Irreconcilable differences?

As direct negotiations are set to launch, a look at where the Israelis and Palestinians stand on core issues.

peace talks trio 311 AP (photo credit: Associated Press)
peace talks trio 311 AP
(photo credit: Associated Press)
As Israel and the Palestinians are set to relaunch direct negotiations on Thursday, the sides will lay out their positions on the core issues.What follows is a scorecard of where each side stands on these issues: borders, security, refugees and Jerusalem.
BORDERS While the Palestinians have demanded that Prime Minister Binyamin Netanyahu acknowledge that the starting point for a discussion on borders is the 1967 lines with mutually agreed upon adjustments, Netanyahu has consistently refused to do so.
His position is that UN Security Council Resolution 242, adopted after the Six Day War, does not require a full withdrawal to the 1967 borders, more exactly called the 1949 armistice lines. Instead, Netanyahu argues that Israel must have defensible borders, something that in his mind is incompatible with a full withdrawal to the 1967 lines.
Regarding settlements, unlike previous governments, where government spokesmen made clear that any agreement would necessitate a complete removal of the settlements in the territories that will become a Palestinian state, Netanyahu has been careful not to talk about the need to uproot settlements.
There are some key members in his inner circle, moreover, who believe that in a future peace agreement, Jews should be able to live in a future Palestinian state, just as there is an Arab minority in the Jewish one.
SECURITY In last year’s Bar-Ilan University speech, in which Prime Minister Binyamin Netanyahu accepted publicly the idea of a twostate solution, he said that any future Palestinian state must, however, be demilitarized.
“We must ensure that Palestinians will not be able to import missiles into their territory, to field an army, to close their airspace to us, or to make pacts with the likes of Hizbullah and Iran,” he said, spelling out what – in his mind – demilitarized meant.
Since then Netanyahu has spoken increasingly about the need for an Israeli presence on the eastern border of a future Palestinian state, to ensure that weapons are not smuggled into it, as is the case with arms to Hizbullah coming from Syria, and weapons for Hamas in Gaza coming through Sinai.
And, with the US withdrawing from Iraq, there is increasing concern – again – about having to protect Israel some day against an attack on its eastern front.
REFUGEES Netanyahu has said repeatedly that any peace accord would necessitate Palestinian recognition of Israel as the state of the Jewish people, a code for refusing the “right of return” to Palestinian refugees.
The government has made clear that acceptance of a two-state solution means that Palestinian refugees who want to return to the region would be absorbed in a future Palestinian state, just as Israel has over the years absorbed millions of Jewish immigrants.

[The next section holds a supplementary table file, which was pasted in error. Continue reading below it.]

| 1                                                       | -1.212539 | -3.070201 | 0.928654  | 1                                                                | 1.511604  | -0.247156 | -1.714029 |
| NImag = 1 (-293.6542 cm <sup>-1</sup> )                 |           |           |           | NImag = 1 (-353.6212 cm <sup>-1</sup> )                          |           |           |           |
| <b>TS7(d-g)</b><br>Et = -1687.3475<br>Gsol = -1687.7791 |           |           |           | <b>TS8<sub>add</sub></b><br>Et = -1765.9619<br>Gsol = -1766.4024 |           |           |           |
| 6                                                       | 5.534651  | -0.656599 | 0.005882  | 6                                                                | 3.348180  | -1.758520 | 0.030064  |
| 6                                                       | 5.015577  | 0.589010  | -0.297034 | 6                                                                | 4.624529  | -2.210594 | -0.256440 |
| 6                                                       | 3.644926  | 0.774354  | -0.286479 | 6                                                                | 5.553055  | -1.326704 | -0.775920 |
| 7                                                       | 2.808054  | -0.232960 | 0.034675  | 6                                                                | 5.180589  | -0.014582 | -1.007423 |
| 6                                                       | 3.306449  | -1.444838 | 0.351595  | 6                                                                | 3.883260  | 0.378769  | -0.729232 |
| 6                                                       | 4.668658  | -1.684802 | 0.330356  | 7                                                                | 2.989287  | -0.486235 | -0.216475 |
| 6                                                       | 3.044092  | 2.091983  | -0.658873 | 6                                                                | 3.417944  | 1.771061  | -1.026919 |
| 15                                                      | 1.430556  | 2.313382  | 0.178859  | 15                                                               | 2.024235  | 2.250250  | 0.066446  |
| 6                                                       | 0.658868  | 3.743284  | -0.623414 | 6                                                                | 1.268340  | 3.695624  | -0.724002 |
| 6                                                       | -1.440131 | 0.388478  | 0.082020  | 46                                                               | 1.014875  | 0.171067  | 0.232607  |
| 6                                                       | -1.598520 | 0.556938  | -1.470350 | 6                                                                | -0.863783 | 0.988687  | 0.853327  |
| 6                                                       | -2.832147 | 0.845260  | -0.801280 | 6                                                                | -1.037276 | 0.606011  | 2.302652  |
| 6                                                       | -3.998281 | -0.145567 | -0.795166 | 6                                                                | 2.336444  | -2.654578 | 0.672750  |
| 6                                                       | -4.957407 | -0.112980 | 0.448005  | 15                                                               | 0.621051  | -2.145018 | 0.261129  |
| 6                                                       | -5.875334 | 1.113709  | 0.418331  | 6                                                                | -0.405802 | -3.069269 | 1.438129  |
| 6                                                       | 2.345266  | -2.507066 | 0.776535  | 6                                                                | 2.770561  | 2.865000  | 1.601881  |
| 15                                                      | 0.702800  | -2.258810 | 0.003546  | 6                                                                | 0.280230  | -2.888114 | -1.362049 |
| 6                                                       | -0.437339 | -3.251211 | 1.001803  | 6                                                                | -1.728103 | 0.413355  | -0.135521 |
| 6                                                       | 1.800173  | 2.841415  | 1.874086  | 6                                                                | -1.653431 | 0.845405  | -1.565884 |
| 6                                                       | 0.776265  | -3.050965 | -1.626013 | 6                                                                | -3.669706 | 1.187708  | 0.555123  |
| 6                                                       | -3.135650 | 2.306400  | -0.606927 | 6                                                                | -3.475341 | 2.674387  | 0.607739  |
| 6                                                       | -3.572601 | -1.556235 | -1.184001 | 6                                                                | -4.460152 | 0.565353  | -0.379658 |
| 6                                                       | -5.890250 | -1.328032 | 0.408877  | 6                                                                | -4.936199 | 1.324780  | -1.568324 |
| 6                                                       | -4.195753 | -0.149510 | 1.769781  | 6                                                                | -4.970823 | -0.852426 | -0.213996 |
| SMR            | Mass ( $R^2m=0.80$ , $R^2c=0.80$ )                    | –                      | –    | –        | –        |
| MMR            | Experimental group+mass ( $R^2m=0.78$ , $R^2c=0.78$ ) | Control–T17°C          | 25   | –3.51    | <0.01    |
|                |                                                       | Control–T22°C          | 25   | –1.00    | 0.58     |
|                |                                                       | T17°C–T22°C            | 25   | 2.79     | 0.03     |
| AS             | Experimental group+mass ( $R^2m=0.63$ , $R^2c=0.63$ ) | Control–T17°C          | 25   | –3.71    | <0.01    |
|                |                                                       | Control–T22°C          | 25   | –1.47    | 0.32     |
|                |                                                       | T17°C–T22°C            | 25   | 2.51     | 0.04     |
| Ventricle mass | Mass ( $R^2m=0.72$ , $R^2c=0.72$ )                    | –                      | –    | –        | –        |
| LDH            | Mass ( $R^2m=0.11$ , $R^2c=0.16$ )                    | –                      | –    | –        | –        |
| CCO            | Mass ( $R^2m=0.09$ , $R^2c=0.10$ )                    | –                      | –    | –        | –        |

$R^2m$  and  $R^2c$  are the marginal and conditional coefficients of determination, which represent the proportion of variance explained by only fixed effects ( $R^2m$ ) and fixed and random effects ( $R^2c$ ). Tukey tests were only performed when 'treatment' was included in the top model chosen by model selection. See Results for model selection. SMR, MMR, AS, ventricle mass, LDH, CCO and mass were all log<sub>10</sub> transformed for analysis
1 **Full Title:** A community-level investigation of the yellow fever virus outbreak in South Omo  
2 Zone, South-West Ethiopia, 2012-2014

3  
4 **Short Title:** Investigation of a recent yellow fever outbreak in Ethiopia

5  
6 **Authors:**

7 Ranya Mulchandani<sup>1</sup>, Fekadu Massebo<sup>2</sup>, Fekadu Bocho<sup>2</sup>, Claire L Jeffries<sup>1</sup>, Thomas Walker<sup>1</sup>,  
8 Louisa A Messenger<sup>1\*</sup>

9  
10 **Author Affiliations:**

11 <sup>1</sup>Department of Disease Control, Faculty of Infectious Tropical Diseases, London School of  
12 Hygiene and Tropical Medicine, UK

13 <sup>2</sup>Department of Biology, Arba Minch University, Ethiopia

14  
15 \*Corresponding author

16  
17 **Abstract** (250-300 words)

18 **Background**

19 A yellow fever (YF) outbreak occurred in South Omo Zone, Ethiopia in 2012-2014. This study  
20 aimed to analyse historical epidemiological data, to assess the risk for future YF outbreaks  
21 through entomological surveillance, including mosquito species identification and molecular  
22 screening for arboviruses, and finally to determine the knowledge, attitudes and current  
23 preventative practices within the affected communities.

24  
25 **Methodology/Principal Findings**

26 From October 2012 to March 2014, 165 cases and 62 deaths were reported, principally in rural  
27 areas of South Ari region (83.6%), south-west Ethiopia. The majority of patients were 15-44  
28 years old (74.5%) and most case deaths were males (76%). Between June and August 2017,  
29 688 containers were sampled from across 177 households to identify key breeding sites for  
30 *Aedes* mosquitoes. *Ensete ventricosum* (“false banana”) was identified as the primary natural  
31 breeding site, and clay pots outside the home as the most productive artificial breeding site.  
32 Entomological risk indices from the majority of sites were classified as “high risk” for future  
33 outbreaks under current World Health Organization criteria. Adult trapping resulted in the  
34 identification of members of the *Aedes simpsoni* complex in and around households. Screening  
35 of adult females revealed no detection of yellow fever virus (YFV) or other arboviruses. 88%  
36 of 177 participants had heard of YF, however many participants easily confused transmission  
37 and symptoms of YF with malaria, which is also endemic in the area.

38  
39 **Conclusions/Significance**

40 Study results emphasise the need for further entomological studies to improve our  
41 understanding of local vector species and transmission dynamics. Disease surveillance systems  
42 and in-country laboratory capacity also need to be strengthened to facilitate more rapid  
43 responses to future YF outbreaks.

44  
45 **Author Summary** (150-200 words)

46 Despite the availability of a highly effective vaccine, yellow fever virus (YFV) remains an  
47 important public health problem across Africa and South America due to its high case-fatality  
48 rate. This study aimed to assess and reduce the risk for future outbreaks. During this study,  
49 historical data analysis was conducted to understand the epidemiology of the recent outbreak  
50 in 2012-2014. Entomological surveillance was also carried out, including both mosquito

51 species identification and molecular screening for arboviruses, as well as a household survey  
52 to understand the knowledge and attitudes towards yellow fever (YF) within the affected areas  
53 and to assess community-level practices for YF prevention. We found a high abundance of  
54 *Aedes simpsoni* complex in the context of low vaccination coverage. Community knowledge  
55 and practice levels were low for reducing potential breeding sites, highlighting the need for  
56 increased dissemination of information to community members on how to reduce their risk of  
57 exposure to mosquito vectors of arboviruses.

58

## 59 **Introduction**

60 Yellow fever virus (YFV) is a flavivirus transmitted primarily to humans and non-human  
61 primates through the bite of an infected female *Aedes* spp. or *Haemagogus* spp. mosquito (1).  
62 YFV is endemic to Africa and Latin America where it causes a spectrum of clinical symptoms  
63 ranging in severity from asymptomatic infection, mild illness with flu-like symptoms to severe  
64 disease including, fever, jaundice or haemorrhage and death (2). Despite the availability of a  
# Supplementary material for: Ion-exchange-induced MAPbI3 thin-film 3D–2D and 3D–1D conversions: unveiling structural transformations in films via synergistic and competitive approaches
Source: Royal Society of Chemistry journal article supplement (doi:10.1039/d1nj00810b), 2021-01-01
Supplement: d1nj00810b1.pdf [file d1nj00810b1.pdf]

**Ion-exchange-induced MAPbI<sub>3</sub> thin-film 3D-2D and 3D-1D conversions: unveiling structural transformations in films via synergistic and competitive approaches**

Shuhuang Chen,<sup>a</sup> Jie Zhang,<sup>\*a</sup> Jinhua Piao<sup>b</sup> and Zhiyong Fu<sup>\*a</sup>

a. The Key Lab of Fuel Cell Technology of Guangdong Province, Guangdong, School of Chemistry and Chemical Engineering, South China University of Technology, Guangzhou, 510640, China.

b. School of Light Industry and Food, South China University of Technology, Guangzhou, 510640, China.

Netanyahu has not said anything about accepting a limited number of Palestinian refugees as a “humanitarian gesture,” as then-prime minister Ehud Olmert did during his talks with PA President Mahmoud Abbas in 2008.
JERUSALEM Netanyahu has said repeatedly that Jerusalem would remain the undivided capital of Israel. He has given no indication, as Olmert did, that he would be willing to cede Arab neighborhoods in the capital to the Palestinians for their capital, nor that he was willing – as Olmert said he was – to share sovereignty over the Temple Mount, or the area encompassing the Old City and its environs known as the “holy basin.
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A document prepared by the PLO Negotiation Department has been delivered to the US administration and other members of the Quartet ahead of the direct talks that are scheduled to begin in Washington this week. The document details the Palestinian Authority’s positions on a variety of issues related to the peace process.
The document states that final-status negotiations must be based on previously agreed terms of reference: international law; UN resolutions, including 242, 338, 1397 and 1515 and 194; the road map; agreements previously concluded between the parties, and the Arab Peace Initiative.
Final-status negotiations must resume from the point at which they left off in December 2008 with former prime minister Ehud Olmert, and must address all core issues such as borders, settlements, Jerusalem, refugees, water, security and prisoners.
The Palestinians also reject the option of a “state with provisional borders” or any further transitional or interim solutions.
BORDERS The document states that the Palestinians will try to secure a UN Security Council resolution that recognizes the State of Palestine on the June 4, 1967 border, with east Jerusalem as its capital. In essence, this option is an international imposition of a final-status solution between the parties based on international law.
This leaves the option of accepting the solution or rejecting it. Thus it will not be a unilateral declaration of independence, as PA Prime Minister Salam Fayyad would prefer.
According to the document, security, stability and peace in the region will not be attained unless the Israeli occupation of all Arab and Palestinian territories occupied in 1967 comes to an end.
An interest-based model of cooperation, taking into account that the US deploys over 230,000 troops in the Middle East, should be adopted by all.
REFUGEES With regards to the issue of the “right of return” for Palestinian refugees, the Palestinian position calls for a resolving the issue “in a just manner, in accordance with UN General Assembly Resolution 194.”
SETTLEMENTS The Palestinian position on this issue remains firm and unchanged – that all the settlements that were built after 1967 are illegal and should be evacuated.
For full Jpost coverage of the 2010 peace talks, click here